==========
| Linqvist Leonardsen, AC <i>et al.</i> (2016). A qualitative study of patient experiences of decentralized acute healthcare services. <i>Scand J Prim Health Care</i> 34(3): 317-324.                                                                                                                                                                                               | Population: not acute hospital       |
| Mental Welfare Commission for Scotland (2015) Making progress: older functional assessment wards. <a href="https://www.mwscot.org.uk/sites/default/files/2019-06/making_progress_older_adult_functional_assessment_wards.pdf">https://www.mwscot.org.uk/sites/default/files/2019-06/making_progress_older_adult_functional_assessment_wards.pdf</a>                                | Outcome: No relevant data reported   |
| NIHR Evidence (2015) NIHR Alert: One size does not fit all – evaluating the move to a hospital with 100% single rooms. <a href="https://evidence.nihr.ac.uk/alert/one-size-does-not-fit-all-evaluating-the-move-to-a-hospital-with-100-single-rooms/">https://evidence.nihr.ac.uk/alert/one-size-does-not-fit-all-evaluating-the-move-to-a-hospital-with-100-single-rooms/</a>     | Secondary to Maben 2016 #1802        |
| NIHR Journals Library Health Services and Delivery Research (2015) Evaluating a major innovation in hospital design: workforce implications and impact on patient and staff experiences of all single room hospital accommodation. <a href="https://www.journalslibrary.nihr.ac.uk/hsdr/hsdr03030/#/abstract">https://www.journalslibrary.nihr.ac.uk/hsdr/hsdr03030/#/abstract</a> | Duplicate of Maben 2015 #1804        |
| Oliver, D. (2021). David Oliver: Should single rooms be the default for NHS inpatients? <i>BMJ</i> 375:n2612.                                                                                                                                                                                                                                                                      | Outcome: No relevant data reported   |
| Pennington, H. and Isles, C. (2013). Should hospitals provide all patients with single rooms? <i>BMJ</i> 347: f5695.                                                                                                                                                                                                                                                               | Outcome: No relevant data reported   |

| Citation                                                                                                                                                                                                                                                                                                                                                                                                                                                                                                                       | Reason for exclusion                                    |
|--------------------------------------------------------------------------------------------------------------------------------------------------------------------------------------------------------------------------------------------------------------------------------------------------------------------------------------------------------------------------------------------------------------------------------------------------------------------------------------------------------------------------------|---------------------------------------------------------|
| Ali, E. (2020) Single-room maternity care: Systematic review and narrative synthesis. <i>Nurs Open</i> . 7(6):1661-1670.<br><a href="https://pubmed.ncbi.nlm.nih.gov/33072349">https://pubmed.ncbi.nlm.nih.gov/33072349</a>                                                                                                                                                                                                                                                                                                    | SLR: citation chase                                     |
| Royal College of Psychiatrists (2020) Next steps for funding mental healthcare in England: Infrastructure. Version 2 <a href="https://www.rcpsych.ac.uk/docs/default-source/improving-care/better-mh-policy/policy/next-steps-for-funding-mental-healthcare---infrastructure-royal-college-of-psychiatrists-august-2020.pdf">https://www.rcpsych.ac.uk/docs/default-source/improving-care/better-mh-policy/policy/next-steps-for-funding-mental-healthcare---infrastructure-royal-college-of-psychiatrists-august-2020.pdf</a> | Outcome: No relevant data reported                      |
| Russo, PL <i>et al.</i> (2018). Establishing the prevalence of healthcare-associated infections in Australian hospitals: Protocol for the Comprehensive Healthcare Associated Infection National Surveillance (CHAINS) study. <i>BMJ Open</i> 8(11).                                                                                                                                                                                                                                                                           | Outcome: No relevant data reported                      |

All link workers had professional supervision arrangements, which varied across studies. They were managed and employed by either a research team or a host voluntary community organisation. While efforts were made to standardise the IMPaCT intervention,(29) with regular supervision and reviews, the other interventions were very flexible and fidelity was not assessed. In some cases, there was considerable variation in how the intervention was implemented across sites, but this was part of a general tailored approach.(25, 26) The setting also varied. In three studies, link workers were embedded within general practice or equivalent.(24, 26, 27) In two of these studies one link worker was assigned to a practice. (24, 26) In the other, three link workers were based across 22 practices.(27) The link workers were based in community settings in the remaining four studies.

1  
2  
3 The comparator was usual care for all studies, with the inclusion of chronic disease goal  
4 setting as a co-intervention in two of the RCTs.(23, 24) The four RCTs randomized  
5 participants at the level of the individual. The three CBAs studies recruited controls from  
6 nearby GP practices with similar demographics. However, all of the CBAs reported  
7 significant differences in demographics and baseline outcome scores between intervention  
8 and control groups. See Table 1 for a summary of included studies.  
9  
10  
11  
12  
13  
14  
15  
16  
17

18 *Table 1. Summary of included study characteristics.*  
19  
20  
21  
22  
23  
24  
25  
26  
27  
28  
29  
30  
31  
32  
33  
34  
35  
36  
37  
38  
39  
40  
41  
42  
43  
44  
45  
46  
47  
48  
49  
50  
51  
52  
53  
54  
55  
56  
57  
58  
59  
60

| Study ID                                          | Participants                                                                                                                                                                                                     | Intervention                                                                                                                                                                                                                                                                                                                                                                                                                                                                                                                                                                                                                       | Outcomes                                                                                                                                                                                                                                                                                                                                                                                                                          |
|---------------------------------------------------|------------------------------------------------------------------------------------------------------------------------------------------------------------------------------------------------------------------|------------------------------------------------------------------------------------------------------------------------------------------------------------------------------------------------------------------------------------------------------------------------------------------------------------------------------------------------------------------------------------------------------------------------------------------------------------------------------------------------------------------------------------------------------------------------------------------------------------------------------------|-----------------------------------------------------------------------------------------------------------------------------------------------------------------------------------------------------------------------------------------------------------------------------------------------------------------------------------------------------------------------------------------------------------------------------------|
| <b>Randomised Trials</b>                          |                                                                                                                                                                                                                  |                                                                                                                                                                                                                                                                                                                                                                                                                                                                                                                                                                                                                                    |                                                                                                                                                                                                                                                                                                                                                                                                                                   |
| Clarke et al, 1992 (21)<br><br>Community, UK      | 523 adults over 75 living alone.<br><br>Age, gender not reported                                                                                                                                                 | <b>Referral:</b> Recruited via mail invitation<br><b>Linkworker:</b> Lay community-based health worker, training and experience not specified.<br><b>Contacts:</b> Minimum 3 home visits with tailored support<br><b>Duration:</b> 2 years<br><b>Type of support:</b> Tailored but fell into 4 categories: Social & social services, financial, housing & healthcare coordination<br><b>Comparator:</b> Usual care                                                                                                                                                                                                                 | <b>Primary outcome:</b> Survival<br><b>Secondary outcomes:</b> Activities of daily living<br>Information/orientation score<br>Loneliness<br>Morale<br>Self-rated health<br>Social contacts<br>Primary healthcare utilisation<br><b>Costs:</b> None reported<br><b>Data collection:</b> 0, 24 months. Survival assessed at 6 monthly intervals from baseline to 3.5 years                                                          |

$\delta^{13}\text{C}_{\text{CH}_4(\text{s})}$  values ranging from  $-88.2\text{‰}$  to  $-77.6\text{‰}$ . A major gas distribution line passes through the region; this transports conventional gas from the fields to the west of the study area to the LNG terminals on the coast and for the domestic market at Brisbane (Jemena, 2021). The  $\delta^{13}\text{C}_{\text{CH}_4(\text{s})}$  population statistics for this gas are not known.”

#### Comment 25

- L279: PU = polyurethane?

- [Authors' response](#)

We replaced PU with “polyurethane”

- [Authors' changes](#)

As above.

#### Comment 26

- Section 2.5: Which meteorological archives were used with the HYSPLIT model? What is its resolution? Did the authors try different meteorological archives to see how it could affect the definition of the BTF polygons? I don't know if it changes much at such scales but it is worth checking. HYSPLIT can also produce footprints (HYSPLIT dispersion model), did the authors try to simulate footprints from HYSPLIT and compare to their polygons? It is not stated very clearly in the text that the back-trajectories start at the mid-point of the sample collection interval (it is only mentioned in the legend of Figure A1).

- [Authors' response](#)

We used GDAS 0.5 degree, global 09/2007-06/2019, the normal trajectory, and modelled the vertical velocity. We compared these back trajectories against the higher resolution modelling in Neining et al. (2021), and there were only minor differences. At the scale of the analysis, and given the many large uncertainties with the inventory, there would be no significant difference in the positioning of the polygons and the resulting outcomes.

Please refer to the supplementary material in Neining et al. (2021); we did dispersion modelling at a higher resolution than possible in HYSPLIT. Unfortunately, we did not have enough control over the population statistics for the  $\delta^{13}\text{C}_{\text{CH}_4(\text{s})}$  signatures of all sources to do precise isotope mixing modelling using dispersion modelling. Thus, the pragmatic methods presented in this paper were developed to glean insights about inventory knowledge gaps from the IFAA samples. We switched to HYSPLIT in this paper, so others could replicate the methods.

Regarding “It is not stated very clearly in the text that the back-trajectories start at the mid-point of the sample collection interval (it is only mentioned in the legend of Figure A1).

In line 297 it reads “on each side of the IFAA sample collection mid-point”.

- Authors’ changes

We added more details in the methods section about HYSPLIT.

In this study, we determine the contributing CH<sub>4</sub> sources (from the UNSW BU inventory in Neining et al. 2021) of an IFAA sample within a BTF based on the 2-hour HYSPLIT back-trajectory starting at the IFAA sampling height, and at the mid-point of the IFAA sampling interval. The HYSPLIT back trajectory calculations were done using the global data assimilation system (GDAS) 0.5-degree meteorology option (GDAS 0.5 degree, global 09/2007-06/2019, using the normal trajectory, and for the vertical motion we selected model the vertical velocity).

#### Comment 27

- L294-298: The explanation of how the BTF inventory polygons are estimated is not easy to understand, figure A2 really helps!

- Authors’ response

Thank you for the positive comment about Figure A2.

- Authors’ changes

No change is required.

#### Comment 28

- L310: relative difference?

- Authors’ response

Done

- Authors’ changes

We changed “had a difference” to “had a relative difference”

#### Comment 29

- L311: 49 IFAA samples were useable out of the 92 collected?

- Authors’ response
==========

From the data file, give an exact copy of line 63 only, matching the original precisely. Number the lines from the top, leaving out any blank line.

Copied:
51  